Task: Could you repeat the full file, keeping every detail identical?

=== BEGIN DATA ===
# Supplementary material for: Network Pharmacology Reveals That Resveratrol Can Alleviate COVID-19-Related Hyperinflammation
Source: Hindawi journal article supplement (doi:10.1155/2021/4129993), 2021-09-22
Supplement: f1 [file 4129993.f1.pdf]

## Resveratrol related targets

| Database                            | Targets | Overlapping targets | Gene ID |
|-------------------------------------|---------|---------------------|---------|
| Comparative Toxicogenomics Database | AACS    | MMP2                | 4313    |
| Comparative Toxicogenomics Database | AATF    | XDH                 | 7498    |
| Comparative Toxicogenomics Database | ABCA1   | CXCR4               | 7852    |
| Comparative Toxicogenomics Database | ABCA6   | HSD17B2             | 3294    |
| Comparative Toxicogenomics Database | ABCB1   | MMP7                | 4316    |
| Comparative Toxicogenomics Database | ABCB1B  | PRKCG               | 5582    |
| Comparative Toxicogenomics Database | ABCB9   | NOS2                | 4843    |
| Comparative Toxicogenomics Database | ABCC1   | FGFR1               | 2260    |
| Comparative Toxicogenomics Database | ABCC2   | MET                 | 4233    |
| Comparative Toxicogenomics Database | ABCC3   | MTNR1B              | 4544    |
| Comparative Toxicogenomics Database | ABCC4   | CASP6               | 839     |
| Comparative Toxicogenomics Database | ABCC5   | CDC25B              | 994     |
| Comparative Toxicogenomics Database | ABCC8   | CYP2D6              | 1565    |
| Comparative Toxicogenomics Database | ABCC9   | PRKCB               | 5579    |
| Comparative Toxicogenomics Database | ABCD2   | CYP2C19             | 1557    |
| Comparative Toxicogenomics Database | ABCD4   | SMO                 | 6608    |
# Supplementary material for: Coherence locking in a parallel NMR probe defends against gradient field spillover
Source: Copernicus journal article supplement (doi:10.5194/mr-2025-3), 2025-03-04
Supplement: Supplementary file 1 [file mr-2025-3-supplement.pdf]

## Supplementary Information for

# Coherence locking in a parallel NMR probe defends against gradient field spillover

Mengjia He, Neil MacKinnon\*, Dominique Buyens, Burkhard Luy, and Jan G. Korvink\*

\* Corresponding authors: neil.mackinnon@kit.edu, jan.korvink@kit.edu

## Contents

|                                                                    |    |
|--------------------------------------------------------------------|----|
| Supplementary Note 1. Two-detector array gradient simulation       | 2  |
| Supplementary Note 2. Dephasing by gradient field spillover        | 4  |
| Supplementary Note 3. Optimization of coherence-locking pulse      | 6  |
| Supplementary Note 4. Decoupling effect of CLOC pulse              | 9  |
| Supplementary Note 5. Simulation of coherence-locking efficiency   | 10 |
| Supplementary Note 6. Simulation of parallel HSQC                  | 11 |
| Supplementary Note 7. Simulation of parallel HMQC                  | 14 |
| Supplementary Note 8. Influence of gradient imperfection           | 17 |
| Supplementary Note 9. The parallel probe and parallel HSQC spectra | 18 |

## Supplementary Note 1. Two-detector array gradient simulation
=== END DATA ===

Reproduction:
# Supplementary material for: Network Pharmacology Reveals That Resveratrol Can Alleviate COVID-19-Related Hyperinflammation
Source: Hindawi journal article supplement (doi:10.1155/2021/4129993), 2021-09-22
Supplement: f1 [file 4129993.f1.pdf]

## Resveratrol related targets

| Database                            | Targets | Overlapping targets | Gene ID |
|-------------------------------------|---------|---------------------|---------|
| Comparative Toxicogenomics Database | AACS    | MMP2                | 4313    |
| Comparative Toxicogenomics Database | AATF    | XDH                 | 7498    |
| Comparative Toxicogenomics Database | ABCA1   | CXCR4               | 7852    |
| Comparative Toxicogenomics Database | ABCA6   | HSD17B2             | 3294    |
| Comparative Toxicogenomics Database | ABCB1   | MMP7                | 4316    |
| Comparative Toxicogenomics Database | ABCB1B  | PRKCG               | 5582    |
| Comparative Toxicogenomics Database | ABCB9   | NOS2                | 4843    |
| Comparative Toxicogenomics Database | ABCC1   | FGFR1               | 2260    |
| Comparative Toxicogenomics Database | ABCC2   | MET                 | 4233    |
| Comparative Toxicogenomics Database | ABCC3   | MTNR1B              | 4544    |
| Comparative Toxicogenomics Database | ABCC4   | CASP6               | 839     |
| Comparative Toxicogenomics Database | ABCC5   | CDC25B              | 994     |
| Comparative Toxicogenomics Database | ABCC8   | CYP2D6              | 1565    |
| Comparative Toxicogenomics Database | ABCC9   | PRKCB               | 5579    |
| Comparative Toxicogenomics Database | ABCD2   | CYP2C19             | 1557    |
| Comparative Toxicogenomics Database | ABCD4   | SMO                 | 6608    |
# Supplementary material for: Coherence locking in a parallel NMR probe defends against gradient field spillover
Source: Copernicus journal article supplement (doi:10.5194/mr-2025-3), 2025-03-04
Supplement: Supplementary file 1 [file mr-2025-3-supplement.pdf]

## Supplementary Information for

# Coherence locking in a parallel NMR probe defends against gradient field spillover

Mengjia He, Neil MacKinnon\*, Dominique Buyens, Burkhard Luy, and Jan G. Korvink\*

\* Corresponding authors: neil.mackinnon@kit.edu, jan.korvink@kit.edu

## Contents

|                                                                    |    |
|--------------------------------------------------------------------|----|
| Supplementary Note 1. Two-detector array gradient simulation       | 2  |
| Supplementary Note 2. Dephasing by gradient field spillover        | 4  |
| Supplementary Note 3. Optimization of coherence-locking pulse      | 6  |
| Supplementary Note 4. Decoupling effect of CLOC pulse              | 9  |
| Supplementary Note 5. Simulation of coherence-locking efficiency   | 10 |
| Supplementary Note 6. Simulation of parallel HSQC                  | 11 |
| Supplementary Note 7. Simulation of parallel HMQC                  | 14 |
| Supplementary Note 8. Influence of gradient imperfection           | 17 |
| Supplementary Note 9. The parallel probe and parallel HSQC spectra | 18 |

## Supplementary Note 1. Two-detector array gradient simulation